Back in the 1970's, following the success of films like "Shaft", Blaxploitation movies had opened up a whole new profitable niche at the US box office and film makers were quick to flood the market with gritty, urban tales of crime in the black communities and it was with this in mind that director William Crain and writers Raymond Koenig and Joan Torres decided to produce an updated version of the Dracula legend with an Afro-American twist.
Starting off in 17th century Transylvania, a certain Prince Mamuwalde from Africa (William Marshall), arrives in Transylvania to ask Count Dracula if he would stop supporting the slave trade and free his people. The count, of course, refuses and following an exchange of racist insults Mamuwalde, being unaware of Dracula's vampiric origins, ends up slugging the count on the jaw.
This proves to be not such a good idea as the evil count, incensed by Mamuwalde's insolence, decides to return the favour by turning him into a vampire and sealing him inside a coffin, hidden in a secret chamber in his castle.
Flashing forward to the 1970's and 2 exceptionally campy art dealers have just purchased said coffin and shipped it over to the US as a display item for their LA apartment. Unfortunately, they make the mistake of cracking open the coffin and end up as Blacula's first victim.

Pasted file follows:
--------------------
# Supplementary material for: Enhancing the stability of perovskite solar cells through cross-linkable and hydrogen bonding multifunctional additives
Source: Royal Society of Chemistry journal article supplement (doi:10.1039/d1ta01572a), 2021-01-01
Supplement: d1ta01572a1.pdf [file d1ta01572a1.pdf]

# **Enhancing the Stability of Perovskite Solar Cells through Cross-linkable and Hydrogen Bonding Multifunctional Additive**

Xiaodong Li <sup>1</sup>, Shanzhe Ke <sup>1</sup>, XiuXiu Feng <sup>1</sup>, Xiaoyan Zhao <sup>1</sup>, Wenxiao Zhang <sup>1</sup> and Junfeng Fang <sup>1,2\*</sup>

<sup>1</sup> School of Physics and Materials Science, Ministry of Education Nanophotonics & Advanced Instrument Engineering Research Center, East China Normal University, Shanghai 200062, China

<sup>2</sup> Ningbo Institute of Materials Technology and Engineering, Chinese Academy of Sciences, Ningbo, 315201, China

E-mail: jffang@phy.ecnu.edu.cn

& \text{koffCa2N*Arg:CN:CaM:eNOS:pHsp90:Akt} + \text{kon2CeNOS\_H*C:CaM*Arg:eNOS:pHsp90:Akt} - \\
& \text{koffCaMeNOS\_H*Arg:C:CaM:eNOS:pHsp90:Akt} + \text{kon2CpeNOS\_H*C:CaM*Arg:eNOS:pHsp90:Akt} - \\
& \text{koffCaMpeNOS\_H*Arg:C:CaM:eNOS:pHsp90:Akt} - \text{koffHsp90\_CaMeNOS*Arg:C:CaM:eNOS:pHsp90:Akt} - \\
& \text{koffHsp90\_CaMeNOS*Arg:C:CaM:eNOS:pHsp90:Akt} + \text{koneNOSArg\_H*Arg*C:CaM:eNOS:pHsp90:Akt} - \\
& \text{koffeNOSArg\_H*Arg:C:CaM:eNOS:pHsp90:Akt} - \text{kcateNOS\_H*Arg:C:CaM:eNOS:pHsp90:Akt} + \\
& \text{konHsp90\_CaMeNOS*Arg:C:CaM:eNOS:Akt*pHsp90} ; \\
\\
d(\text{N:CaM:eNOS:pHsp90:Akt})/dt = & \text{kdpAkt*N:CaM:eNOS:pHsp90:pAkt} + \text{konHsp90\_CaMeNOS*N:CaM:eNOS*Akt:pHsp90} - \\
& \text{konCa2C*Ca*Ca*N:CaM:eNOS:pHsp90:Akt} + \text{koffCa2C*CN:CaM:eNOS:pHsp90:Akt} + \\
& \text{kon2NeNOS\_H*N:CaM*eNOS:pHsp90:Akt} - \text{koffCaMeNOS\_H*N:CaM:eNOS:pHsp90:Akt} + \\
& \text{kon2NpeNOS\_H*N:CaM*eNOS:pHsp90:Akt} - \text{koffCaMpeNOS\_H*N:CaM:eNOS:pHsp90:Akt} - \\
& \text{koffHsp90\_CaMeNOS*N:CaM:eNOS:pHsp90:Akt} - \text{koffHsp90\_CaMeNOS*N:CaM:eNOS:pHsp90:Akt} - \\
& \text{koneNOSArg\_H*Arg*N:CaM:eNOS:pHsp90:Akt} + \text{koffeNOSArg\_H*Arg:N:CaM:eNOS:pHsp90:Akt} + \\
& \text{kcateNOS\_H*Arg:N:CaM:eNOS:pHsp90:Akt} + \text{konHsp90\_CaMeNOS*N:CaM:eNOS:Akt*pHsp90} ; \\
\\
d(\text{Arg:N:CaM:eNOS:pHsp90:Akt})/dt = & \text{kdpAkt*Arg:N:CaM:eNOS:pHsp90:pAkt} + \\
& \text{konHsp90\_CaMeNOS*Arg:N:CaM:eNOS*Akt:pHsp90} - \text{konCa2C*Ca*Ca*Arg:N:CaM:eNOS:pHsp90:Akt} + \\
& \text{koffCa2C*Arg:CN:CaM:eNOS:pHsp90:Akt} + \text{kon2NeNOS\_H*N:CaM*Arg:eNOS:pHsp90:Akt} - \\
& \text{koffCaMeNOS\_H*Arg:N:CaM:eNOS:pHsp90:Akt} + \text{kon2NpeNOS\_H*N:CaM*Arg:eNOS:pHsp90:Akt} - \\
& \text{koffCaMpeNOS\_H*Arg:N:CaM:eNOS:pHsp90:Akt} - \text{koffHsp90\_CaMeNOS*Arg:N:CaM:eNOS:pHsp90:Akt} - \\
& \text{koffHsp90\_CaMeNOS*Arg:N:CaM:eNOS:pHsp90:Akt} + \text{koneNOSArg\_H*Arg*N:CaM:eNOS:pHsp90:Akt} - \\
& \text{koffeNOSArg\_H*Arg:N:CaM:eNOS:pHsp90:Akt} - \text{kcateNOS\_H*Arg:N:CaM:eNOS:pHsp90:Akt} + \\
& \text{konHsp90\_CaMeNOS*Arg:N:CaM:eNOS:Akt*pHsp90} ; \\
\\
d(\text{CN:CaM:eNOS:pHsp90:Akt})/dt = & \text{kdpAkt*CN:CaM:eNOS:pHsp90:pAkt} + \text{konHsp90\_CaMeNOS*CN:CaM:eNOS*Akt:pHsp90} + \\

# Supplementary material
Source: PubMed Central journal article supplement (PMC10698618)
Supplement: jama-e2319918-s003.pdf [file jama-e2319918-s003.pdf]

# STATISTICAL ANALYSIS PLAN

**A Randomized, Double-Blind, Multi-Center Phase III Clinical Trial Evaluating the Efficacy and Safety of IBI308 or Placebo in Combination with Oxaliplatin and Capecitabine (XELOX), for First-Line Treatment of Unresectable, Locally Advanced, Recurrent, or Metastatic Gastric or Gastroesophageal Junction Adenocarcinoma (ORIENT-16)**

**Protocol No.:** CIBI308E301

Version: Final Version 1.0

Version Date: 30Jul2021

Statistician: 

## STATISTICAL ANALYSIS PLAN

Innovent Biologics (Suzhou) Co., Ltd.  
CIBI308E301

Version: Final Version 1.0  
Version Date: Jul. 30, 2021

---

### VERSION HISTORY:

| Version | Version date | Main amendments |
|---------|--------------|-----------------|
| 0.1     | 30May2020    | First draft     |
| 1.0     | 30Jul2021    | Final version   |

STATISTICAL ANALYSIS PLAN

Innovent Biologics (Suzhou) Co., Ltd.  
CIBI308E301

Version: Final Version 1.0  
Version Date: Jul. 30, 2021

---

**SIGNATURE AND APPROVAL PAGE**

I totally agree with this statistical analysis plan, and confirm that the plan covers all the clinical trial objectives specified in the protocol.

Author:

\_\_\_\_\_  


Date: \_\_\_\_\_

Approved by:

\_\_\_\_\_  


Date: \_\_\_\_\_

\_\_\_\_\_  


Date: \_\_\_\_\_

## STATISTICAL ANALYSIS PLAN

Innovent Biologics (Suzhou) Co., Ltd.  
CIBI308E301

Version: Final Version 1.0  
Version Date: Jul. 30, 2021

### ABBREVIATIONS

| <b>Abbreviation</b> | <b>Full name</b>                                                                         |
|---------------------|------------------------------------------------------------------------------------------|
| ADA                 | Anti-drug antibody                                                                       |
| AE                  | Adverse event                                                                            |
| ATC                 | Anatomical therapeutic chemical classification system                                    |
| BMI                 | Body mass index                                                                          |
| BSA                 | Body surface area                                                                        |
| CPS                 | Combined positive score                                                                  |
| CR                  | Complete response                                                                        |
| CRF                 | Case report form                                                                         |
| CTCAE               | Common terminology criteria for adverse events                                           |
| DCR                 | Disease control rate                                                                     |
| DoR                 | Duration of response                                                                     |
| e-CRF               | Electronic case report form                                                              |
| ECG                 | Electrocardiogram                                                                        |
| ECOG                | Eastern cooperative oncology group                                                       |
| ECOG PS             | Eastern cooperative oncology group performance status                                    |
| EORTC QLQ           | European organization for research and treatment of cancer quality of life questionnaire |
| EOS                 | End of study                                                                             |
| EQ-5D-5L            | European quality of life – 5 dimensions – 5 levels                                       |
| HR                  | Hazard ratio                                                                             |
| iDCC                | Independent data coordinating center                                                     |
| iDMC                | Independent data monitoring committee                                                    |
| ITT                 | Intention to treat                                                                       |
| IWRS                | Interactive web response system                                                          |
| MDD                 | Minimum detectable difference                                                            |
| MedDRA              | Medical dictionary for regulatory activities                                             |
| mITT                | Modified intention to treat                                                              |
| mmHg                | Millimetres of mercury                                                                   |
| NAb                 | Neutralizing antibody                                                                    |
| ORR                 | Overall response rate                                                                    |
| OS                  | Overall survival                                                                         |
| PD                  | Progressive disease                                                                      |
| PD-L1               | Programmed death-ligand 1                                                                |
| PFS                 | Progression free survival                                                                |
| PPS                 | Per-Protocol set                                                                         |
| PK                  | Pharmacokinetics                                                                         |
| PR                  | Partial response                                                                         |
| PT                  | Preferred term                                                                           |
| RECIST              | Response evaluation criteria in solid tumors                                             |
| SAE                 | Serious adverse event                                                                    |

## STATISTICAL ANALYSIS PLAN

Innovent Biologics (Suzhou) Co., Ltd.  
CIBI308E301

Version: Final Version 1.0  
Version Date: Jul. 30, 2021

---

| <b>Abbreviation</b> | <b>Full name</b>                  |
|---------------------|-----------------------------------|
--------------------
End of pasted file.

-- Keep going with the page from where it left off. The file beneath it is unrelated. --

As the bodies pile up around the city's ghetto area, the police are baffled by the recent slew of killings. Particularly when the police coroner, Dr Thomas (Thalmus Rasulala), exhumes one of the victims bodies late one night and finds not only is the person apparently alive, but has fangs!!!
Realising the newcomer at the local blues club is not who he appears to be either, after he starts taking an interest in one of the Doctor's female friends (Vonetta McGee), who looks just like Mamuwalde's former wife Luva, Dr Thomas realises who the culprit behind the killings is. But of course, convincing the police they have a vampire on the loose is going to be no easy task.
With the title "Blacula" you'd be forgiven for thinking this was meant to be a campy comedy of some sorts. However, this is in fact played as a straight horror film and was simply intended as an updated vampire tale in a similar vein to Hammer's "Dracula AD 1972". Though that's not to say the film doesn't have its amusing moments. The 2 campy art dealers at the beginning, racial stereotypes and awful 70's fashions do provide some unintentionally amusing moments.
William Marshal, who was a classically trained actor, is aptly cast in the lead role. If you're a fan of 70's movies, or vampire films in general, you should enjoy this.